What is a Marketing Automation System? Well, you could say that typically it’s a cloud-based software platform (although some platforms also offers an on-premise option) that improves working efficiency for marketing and sales departments by online handling of multiple channels—including offsite channels. And it automates repetitive manual processes. Put simply, it does a lot of the marketing and sales job. But how does it work?

Marketing automation is also a common label for a software that assembles and consolidates the various parts of such a system into a single tool. Many tools are using ‘marketing automation’ as a decoy, yet they provide far from all the functionality you should expect from a true marketing automation tool: Email, webinars, integration with .com/.xx, CRM integration, lead scoring, lead nurturing, form design, page design, A/B testing etc.

This is how it works

Imagine someone is googling and ends up on our .com. Now the marketing automation system knows someone’s there. When the visitor subscribes to something or wants to download something of specific interest, she fills in a form and the automation system gets an identity for our visitor. By matching this identity with the cookie in her web browser, it becomes connected to the visitor’s other behaviour and actions on our .com, and these combined actions form a pattern and can generate a score. After a while we know the visitor well enough to have an idea of her interests and we’re able to actively propose content that matches her profile, i.e. content that’s relevant to the individual. When she in turn has consumed a certain amount of content, and has released further information about who she is, she’s converted into a marketing qualified lead and, accordingly, ready to be handed over to the sales department. Abracadabra!

Is it only about marketing, really?

No! The system replaces much of the traditional and tedious sales work. It lets you identify and connect with warm leads interested in your offering, and help you explore those opportunities that are most likely to become new customers (or existing customers that are ready to re-engage). It also provides you with a vast amount of insights and business intelligence on their behaviour and interest, which means you become much better placed to advise them throughout the customer buying cycle. So it’s as much a sales tool as a marketing tool!

When implementing an inbound strategy and a Marketing Automation tool, it’s a common mistake to address the marketing department only. In fact, marketing and sales should be aligned and cooperate for effectively reaching the common goals. Sadly, far too often I see companies where sales and marketing departments don’t cooperate.  

InboundDay2015_entre_Zooma.png

‘Marketing Automation is not only a tool—it is a change of mindset!’

When attracting new visitors to your site and converting them to leads and finally customers, it should be natural for the sales and marketing departments to work together as one. HubSpot, one of the leaders in marketing automation, have even put a name on such ‘new’ department—the Smarketing department... Basically, we need a change of mindset here!

How do I choose a Marketing Automation System?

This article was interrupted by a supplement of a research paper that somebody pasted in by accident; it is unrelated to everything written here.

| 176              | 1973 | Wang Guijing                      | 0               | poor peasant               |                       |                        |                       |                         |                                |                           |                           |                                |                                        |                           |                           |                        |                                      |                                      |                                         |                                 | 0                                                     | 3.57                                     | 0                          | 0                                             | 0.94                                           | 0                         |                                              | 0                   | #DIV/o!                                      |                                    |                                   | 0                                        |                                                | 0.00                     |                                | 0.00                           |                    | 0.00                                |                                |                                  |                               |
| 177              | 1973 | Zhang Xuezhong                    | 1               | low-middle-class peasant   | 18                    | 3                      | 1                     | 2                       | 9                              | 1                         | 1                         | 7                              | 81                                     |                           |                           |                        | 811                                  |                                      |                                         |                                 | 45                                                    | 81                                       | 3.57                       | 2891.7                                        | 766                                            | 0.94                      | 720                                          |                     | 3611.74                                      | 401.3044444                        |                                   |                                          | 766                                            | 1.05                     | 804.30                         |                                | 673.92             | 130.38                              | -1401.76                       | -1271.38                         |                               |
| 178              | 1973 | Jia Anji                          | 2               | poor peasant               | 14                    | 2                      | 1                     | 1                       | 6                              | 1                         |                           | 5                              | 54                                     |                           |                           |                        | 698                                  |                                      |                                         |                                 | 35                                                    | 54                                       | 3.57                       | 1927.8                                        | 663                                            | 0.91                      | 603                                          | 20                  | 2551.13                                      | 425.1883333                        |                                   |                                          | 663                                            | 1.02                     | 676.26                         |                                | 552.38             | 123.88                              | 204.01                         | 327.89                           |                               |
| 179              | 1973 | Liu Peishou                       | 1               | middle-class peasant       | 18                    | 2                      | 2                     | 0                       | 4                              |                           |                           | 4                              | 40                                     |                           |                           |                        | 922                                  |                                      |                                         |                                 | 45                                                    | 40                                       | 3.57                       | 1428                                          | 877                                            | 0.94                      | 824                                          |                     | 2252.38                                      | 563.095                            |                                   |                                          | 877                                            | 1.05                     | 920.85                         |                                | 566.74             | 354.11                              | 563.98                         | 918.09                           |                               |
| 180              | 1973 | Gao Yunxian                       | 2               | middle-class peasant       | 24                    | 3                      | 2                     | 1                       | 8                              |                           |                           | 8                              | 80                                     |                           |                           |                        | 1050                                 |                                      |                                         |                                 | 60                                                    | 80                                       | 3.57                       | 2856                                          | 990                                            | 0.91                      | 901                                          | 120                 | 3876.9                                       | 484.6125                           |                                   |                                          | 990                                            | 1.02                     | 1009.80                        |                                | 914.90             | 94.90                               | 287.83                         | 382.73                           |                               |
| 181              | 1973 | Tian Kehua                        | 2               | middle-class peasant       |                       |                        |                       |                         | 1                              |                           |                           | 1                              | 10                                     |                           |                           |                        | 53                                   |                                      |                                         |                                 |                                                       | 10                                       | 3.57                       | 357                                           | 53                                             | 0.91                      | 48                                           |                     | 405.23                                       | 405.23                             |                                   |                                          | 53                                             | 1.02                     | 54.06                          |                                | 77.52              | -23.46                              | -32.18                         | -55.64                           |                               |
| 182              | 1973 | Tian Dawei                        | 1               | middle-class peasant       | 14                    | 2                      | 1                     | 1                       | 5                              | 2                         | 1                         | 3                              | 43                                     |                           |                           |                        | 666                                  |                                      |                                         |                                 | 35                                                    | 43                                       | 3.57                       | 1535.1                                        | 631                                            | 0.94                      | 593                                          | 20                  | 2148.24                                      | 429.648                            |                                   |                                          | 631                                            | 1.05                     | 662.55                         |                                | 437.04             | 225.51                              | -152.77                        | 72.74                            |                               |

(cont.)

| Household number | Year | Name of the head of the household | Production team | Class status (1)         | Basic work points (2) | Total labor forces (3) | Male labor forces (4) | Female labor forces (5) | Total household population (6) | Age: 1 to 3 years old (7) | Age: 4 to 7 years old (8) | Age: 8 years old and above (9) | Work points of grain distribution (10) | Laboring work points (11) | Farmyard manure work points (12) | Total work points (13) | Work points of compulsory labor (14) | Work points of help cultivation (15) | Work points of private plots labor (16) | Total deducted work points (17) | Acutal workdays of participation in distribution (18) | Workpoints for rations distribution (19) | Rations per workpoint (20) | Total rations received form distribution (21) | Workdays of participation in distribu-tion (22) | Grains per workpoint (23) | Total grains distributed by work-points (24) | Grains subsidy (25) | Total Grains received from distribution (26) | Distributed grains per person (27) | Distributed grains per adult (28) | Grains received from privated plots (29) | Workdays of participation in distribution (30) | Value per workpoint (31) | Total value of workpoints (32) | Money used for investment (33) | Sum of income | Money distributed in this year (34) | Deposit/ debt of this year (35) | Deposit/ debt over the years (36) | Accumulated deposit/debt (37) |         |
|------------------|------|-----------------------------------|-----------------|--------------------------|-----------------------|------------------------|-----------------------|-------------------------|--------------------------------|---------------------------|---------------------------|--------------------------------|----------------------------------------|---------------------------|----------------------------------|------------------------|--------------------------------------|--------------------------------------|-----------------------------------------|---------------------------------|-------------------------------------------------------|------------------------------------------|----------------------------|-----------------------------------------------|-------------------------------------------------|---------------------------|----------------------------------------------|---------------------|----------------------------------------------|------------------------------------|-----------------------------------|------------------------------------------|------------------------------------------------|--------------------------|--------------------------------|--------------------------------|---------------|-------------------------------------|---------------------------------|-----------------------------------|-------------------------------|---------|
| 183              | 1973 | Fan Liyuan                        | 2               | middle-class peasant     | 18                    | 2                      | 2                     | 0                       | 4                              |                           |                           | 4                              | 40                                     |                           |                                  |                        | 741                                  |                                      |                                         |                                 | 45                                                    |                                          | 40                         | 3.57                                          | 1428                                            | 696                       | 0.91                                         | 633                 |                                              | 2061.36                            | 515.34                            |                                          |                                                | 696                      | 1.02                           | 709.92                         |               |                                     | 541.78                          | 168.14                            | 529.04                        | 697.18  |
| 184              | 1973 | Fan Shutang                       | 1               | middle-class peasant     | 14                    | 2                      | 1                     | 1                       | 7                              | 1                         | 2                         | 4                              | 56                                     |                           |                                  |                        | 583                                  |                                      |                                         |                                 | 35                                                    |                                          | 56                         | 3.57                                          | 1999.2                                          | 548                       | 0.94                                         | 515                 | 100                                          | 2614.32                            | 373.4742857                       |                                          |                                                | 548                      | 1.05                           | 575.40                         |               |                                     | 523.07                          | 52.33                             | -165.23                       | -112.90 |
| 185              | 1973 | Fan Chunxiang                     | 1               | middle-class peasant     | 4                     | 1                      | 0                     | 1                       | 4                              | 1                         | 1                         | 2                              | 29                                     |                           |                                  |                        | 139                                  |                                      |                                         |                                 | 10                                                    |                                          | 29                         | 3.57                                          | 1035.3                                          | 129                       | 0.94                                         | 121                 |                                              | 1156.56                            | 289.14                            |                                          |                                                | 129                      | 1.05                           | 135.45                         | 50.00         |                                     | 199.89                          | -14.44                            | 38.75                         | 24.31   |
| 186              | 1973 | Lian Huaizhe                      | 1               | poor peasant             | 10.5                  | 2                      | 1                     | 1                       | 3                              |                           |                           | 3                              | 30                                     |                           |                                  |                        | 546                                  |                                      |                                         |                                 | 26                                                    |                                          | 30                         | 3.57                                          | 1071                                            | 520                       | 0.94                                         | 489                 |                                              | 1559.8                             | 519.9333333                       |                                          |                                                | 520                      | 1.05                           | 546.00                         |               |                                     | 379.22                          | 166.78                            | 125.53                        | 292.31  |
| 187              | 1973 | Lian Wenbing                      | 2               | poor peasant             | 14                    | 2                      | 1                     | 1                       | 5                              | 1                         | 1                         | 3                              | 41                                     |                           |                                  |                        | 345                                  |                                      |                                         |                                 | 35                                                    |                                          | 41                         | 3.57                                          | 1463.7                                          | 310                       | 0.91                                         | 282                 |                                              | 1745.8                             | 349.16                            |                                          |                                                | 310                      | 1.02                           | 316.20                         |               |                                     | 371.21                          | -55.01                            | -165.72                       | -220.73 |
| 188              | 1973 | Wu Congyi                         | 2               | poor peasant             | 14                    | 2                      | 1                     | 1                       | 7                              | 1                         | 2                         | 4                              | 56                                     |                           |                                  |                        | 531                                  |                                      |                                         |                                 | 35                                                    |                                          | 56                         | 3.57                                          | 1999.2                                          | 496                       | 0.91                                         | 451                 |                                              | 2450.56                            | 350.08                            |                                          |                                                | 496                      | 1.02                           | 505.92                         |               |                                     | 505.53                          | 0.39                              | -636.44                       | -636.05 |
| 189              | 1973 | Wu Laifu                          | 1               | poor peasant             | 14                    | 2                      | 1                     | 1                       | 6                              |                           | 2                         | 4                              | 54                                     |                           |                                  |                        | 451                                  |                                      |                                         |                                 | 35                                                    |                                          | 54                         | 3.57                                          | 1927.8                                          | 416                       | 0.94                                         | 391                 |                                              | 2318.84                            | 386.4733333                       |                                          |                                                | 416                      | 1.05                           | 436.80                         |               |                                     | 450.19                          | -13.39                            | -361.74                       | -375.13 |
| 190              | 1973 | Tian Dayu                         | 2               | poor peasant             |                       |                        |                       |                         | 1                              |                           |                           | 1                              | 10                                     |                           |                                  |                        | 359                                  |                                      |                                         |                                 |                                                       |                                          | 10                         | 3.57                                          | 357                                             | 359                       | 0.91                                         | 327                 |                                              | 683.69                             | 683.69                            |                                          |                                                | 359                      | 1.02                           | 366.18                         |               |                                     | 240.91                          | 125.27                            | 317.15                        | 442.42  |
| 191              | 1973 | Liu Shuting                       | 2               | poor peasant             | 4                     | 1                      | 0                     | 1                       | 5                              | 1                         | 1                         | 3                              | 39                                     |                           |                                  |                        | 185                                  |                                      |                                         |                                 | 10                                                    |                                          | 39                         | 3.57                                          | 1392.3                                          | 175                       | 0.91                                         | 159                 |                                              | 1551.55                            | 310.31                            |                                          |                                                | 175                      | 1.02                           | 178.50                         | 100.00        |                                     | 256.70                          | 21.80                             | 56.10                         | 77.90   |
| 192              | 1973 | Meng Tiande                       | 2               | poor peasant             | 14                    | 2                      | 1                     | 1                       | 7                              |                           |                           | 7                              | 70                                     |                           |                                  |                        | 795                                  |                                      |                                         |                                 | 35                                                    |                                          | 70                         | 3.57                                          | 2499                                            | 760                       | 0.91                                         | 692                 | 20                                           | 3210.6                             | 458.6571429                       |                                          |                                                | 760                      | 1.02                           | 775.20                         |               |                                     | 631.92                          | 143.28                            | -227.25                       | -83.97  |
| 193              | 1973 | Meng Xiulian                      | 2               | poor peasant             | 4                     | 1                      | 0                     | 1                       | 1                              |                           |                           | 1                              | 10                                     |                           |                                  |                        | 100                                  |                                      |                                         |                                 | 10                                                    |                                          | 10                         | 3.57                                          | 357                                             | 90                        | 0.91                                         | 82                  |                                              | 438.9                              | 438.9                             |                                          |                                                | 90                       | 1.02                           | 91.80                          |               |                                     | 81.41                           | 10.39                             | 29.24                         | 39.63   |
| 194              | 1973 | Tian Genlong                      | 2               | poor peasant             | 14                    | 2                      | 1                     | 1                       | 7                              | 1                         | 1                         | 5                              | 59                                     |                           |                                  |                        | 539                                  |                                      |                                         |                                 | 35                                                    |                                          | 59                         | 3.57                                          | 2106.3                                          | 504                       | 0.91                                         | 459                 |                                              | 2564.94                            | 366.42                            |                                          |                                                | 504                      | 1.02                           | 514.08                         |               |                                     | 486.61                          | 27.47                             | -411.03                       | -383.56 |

Now you consider a Marketing Automation System to help you generate business, but which one? Choosing the optimal system could be tricky, so I leave out the details for now, but as a general advice you should have one with good potential for integration with other CRM and CMS platforms.

Which are the options?

There are several systems available on the market. Here are some of the most popular.

  • Marketo

    Marketo offers a variety of versions with different functionality for both small and large companies. Most Marketo customers are in B2B and work with complex sales cycles. From a technical point of view, the platform is quite complex and requires much resource to set up and manage. For that reason it is also most suitable for companies that have an advanced and complex Inbound process in place.

  • Pardot (Salesforce)

    Pardot is now part of the Salesforce Marketing Cloud offering. Most of Pardot customers are medium-sized companies. It is focused purely on marketing automation and is thus not an all-in-one solution. Hence, it is best suited for companies looking to plug a marketing automation tool into an existing ecosystem of other software (e.g. Salesforce).

  • HubSpot

    HubSpot covers the entire flow of the functions required for this type of tool and is therefore more of an all-in-one inbound platform rather than purely a marketing automation tool. Most HubSpot customers are small and medium-sized companies but an increasing number of large companies have also started to use HubSpot in recent years. The tool is also known to be less complex to manage than its competitors.

  • Eloqua (Oracle)

    Eloqua, a part of Oracle Marketing Cloud, is one of the pioneers in Marketing Automation. It is mainly focusing on large companies and offers a high degree of customisation and complexity. As such, it is most suitable for large companies looking for complex implementations and integrations (e.g. with other Oracle systems).

Correctly used, together with relevant content, marketing automation is an efficient way to lead the customer in the decision and buying process. However, marketing automation should always be combined with an inbound strategy and a content strategy to ensure that it is relevant both for the visitor and for your business!

Do you need help to evaluate which Marketing Automation System would best suit your organisation? Just get in touch!

Talk to an expert

Fredrik Abrahamsson

Director of Online & Digital Solutions at Zooma, 2016-2017

Three most popular posts